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US-Iran war drums spell doom for cultural property

Saturday January 25 2020

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It has been the hope of many actors in the heritage sector that the current hostilities between Iran and the US will not escalate into an armed conflict. Armed conflicts always mean the destruction of the heritage of a people of the world, many times irreparably.

The hostile political exchange of words, threats and missiles has seen the International Council of Museums, (ICOM), and the International Council of Monuments (ICOMOS) remind all parties of armed conflicts of the 1954 Hague convention for the protection of cultural property. Iran ratified this convention in 1959 and the US in 2009.

As such both nations agree that ‘damage to cultural property belonging to any people whatsoever means damage to cultural property of mankind’. Cultural Heritage can be looked at as tangible and intangible. Tangible are the physical attributes or artefacts and includes build heritage such as museums, monuments and places of worship like mosques and churches and archaeological and paleontological sites, movable works of art and manuscripts.

Intangible heritage is associated with a people’s way of life and their activities. It includes music, dance, customs and the traditions. Both aspects take years to build, yet they can be destroyed in a moment.

Armed conflicts and natural disasters, substantially contribute to the Red List of cultural objects, which is published by the International Council of Museums. The list contains artefacts that are at risk of being stolen and trafficked internationally. They often find their way into the export black market and among an international cartel of collectors of the world’s priceless cultural collections, artefacts and antiquities, in spite of the fact that these items remain protected by both national legislations and international agreements.

Further, modern day conflicts specifically target heritage as its destruction, looting or theft is usually driven by a desire to erase and destroy the collective memory of a community and scatter aspect of the identity of a people or a nation. Conflicts also lead to loss of critical scientific information which such artefacts often transmit and historical value some of which sometimes pertains to humanity.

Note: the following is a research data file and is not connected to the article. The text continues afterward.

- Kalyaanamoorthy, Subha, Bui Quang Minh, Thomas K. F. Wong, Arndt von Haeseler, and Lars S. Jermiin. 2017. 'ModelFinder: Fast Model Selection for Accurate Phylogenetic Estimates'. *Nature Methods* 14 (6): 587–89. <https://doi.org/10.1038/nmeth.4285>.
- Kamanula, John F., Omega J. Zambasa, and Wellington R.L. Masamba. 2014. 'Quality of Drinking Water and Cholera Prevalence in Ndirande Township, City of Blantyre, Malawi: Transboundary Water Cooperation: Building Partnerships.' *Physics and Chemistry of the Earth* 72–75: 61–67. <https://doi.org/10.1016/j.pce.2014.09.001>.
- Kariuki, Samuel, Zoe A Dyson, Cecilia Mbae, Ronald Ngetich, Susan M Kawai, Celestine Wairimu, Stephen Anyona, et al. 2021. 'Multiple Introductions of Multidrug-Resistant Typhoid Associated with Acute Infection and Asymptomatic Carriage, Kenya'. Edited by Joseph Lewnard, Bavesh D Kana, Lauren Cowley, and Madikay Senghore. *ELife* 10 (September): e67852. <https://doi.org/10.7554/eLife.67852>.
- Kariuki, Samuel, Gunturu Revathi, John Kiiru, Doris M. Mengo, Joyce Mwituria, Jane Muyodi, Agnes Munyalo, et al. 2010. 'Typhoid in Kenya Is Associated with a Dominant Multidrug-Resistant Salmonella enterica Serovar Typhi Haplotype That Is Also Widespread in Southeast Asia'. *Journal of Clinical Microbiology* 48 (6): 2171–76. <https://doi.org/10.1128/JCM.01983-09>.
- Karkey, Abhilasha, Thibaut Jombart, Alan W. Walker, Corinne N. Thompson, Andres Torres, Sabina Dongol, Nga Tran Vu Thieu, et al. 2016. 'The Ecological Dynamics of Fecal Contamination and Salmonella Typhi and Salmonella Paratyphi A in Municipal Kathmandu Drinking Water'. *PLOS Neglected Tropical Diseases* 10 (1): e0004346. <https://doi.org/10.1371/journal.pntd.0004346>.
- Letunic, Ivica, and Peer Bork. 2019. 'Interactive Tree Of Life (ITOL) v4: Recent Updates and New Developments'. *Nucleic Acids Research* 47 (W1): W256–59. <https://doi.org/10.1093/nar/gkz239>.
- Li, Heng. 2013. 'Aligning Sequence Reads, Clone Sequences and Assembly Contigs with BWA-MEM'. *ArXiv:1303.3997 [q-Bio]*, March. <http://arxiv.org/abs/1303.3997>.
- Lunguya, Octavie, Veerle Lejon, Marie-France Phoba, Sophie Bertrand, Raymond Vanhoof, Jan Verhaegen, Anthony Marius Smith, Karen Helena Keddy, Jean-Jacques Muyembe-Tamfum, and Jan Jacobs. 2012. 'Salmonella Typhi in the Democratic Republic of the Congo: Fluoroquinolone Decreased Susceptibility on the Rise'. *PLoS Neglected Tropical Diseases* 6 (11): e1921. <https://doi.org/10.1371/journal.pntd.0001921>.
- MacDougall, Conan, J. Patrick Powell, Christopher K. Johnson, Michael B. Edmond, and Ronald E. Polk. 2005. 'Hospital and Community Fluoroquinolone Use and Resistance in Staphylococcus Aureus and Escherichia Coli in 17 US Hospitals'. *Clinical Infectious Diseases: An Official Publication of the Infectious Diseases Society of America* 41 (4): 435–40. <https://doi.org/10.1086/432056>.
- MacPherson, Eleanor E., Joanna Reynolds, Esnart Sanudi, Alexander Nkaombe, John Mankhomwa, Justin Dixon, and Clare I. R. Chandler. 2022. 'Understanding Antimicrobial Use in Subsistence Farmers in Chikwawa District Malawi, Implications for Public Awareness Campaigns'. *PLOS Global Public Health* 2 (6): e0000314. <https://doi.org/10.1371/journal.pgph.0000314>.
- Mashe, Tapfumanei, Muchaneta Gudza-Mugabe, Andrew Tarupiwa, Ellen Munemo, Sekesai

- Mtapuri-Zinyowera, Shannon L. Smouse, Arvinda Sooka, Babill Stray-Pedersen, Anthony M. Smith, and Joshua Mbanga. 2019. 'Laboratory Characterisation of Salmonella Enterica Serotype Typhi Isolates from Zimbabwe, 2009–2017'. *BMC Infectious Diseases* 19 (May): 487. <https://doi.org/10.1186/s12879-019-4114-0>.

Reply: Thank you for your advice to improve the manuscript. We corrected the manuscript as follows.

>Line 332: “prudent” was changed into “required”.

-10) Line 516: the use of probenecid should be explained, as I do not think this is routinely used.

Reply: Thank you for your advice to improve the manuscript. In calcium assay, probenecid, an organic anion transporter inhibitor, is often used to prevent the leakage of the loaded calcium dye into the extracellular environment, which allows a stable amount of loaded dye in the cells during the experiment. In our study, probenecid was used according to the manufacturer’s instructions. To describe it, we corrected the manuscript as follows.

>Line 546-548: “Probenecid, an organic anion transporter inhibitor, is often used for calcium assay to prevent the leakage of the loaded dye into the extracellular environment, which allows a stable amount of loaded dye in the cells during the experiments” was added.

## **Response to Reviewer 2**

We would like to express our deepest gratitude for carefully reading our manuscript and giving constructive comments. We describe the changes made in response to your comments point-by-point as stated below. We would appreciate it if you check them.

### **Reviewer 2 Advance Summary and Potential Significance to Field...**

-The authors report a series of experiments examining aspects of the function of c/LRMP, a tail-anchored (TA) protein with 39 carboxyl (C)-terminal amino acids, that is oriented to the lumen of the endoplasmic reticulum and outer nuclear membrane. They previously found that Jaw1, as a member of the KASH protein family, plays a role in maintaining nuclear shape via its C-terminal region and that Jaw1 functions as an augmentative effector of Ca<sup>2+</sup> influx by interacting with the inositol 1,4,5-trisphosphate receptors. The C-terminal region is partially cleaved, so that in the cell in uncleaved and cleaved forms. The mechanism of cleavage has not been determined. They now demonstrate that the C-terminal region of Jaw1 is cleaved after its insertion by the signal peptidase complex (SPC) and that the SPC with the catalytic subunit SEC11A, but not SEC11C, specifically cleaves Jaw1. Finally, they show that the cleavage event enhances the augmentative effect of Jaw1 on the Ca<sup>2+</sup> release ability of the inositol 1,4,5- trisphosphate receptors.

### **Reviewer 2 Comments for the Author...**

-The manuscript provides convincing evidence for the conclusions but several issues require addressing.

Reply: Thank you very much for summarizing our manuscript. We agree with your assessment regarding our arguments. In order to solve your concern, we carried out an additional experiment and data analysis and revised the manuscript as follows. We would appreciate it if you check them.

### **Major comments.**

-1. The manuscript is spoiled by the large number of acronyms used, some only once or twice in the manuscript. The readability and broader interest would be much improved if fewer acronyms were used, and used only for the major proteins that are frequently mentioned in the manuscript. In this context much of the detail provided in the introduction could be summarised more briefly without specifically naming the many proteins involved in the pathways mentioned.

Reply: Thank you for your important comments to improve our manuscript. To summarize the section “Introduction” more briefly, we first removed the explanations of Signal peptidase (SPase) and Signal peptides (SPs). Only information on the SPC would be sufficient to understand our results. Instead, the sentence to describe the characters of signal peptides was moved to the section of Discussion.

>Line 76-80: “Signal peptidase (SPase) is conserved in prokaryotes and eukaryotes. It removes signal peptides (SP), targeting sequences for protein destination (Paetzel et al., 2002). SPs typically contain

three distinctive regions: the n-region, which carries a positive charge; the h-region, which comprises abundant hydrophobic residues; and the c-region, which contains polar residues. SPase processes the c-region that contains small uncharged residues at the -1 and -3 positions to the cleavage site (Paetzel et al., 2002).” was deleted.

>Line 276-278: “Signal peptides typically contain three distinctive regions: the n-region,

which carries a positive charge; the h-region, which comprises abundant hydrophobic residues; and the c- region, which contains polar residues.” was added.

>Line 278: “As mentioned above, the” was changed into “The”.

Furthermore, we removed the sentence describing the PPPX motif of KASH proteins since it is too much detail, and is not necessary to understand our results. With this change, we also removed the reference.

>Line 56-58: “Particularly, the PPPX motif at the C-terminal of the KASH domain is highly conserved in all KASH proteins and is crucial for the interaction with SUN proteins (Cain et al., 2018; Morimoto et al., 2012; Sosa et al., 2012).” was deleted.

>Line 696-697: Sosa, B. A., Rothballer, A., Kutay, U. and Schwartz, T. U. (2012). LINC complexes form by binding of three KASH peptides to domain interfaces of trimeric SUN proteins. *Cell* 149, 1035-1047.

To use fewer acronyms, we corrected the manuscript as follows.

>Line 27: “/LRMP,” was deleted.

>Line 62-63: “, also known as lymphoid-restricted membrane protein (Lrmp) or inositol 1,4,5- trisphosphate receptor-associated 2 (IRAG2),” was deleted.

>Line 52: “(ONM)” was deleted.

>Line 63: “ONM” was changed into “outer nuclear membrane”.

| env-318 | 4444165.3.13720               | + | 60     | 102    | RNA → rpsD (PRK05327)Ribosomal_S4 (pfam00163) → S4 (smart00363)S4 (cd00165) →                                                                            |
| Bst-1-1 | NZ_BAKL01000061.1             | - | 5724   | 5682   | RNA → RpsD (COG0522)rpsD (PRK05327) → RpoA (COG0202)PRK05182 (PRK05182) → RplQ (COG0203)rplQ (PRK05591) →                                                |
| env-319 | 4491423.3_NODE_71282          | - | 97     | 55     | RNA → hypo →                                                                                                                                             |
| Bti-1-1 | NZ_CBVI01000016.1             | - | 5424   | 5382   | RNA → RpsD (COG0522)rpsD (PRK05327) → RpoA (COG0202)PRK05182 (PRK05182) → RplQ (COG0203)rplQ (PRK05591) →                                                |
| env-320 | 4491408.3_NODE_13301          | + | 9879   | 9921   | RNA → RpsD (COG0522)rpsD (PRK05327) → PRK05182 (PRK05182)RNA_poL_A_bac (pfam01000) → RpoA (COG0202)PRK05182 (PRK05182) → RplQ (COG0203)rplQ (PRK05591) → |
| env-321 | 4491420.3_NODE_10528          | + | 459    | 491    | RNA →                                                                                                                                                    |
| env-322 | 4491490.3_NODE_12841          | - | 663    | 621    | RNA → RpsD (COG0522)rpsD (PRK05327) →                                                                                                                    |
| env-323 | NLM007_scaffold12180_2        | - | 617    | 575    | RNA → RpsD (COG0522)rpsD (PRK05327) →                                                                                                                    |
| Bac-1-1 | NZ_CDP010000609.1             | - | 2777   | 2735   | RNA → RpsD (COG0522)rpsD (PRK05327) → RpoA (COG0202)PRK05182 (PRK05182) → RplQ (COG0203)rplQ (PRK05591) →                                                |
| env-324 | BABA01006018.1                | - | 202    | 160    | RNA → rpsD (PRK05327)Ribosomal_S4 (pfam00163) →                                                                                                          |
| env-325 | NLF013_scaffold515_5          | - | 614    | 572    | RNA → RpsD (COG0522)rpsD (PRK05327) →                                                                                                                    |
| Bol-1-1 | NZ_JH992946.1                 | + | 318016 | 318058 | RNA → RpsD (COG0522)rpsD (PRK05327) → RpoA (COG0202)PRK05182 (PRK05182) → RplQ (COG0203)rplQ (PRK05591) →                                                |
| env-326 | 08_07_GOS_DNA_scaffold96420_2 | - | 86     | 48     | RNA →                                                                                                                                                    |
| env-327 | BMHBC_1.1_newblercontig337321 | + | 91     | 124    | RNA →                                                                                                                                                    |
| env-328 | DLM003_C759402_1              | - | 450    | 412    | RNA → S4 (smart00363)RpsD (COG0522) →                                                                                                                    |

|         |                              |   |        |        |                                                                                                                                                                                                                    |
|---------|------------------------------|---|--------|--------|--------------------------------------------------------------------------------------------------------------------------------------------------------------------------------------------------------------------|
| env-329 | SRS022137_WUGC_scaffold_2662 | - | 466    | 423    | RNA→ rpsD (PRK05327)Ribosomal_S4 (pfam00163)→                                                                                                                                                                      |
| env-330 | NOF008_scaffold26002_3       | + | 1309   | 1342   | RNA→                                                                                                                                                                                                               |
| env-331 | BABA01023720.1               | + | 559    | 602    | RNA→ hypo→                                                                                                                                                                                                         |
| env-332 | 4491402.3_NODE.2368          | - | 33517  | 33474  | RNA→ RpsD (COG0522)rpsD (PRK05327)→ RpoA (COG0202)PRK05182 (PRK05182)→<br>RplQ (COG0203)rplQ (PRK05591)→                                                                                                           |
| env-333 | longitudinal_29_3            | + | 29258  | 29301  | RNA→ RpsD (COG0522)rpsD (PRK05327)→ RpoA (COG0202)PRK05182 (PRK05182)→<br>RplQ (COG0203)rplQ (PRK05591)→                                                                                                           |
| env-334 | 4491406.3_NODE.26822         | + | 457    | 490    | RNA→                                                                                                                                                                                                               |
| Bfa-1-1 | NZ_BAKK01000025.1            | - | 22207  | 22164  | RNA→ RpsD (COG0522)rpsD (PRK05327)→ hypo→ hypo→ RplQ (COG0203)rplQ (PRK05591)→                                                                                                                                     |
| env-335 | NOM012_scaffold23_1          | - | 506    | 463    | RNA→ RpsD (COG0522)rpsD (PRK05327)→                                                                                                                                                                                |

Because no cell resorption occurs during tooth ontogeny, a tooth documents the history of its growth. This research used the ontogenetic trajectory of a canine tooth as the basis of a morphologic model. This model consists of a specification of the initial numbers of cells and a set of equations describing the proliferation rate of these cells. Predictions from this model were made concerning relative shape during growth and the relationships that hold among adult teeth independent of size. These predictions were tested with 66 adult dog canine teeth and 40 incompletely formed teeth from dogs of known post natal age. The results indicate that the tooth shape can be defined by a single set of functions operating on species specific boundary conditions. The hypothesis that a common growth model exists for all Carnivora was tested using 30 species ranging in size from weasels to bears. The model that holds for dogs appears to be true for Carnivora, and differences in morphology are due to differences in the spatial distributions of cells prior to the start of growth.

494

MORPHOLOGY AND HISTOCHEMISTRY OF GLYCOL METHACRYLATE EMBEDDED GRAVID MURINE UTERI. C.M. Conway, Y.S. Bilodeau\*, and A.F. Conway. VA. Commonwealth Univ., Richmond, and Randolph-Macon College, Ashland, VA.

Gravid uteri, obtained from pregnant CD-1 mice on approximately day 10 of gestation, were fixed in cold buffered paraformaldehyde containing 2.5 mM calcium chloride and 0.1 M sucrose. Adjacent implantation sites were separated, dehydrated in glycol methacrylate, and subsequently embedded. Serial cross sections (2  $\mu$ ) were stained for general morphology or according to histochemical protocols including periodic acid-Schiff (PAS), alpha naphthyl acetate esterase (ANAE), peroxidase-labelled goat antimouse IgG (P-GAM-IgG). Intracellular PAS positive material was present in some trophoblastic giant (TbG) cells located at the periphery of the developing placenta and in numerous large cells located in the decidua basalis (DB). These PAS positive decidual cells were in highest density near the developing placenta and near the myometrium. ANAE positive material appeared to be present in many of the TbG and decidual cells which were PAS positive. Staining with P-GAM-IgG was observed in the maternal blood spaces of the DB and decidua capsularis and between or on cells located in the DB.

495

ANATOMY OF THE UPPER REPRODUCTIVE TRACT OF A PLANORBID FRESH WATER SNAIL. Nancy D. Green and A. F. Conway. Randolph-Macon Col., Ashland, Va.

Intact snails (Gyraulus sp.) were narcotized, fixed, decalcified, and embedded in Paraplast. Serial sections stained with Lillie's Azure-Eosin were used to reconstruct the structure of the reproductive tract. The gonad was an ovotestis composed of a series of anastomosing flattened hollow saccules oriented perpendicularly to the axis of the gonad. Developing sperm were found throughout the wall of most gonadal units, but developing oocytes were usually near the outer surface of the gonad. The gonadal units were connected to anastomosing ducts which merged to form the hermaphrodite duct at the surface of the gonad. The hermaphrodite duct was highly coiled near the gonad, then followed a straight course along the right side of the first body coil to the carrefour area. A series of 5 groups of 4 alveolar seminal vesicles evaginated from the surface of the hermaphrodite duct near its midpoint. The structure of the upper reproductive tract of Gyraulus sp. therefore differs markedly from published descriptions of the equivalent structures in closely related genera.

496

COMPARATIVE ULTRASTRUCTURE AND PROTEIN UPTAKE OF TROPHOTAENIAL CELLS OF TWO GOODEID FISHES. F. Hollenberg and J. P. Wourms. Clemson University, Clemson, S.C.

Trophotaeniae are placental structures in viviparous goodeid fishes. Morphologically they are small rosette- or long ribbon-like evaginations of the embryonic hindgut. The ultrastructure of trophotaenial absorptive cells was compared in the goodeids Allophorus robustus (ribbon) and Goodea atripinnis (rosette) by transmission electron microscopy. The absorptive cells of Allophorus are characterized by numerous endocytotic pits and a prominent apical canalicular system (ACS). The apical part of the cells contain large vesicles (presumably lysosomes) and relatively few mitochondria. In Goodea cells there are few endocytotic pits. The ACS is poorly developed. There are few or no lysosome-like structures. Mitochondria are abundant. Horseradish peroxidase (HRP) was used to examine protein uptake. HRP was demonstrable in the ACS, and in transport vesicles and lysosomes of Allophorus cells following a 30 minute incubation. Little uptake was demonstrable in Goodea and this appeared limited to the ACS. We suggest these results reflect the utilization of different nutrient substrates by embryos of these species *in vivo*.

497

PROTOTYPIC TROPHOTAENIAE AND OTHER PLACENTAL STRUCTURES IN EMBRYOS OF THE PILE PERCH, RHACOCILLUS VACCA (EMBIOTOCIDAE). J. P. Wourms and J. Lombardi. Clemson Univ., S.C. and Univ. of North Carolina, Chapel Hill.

The struggle against the illicit traffic of cultural items has many challenges, least of them being the inability of customs officers to identify such items even in instances where they arrive at a port of entry along with other luggage.

Africa has over the years suffered extensive loss of her cultural heritage as a result of the colonial experience and, recently, armed conflicts. Kenya has not been spared these losses. Some of the better known pieces include the Vingango, carved grave markers of the Miji Kenda people of the coast. Though they hold spiritual and ritual significance to the community, in the Western world they are considered to be mere pieces of art.

The others are the famous Man Eaters of Tsavo, lions that terrorised railway builders in 1989 around the Tsavo area, etching a history of the building of the railway in the history of Kenya, but somehow ended up at the Field Museum in Chicago. There are also numerous pieces at the British Museum, the better known being those associated with Koitalel Arap Samoei, a Nandi Orokoiyot who led the resistance against British rule.


Both the US and Iran are also state parties to the 1972 Convention on the Protection of world Heritage, popularly known and understood for listing World Heritage Sites. Iran has 25 sites on this prestigious list. Many of these sites are not just important to Iran but have a rich history of Christian traditions. Such sites include Babylon and both the cities of Nineveh and Mesopotamia.

The United States on the other hand has 23 World Heritage Sites, majority of which are natural including the Grand Canyon National park and the Yellow Stone National Park that is home to indigenous peoples of America, hence their culture is deeply rooted in the features and sceneries of this park.

An attack on either country therefore clearly puts the heritage of the world at risk and must be discouraged at any cost. Protection and conservation of heritage has its own unique challenges and destruction can mean irreplaceable loss.

Armed conflicts are also the worst kind of confrontation as they destroy the most precious natural heritage of humanity – human life!

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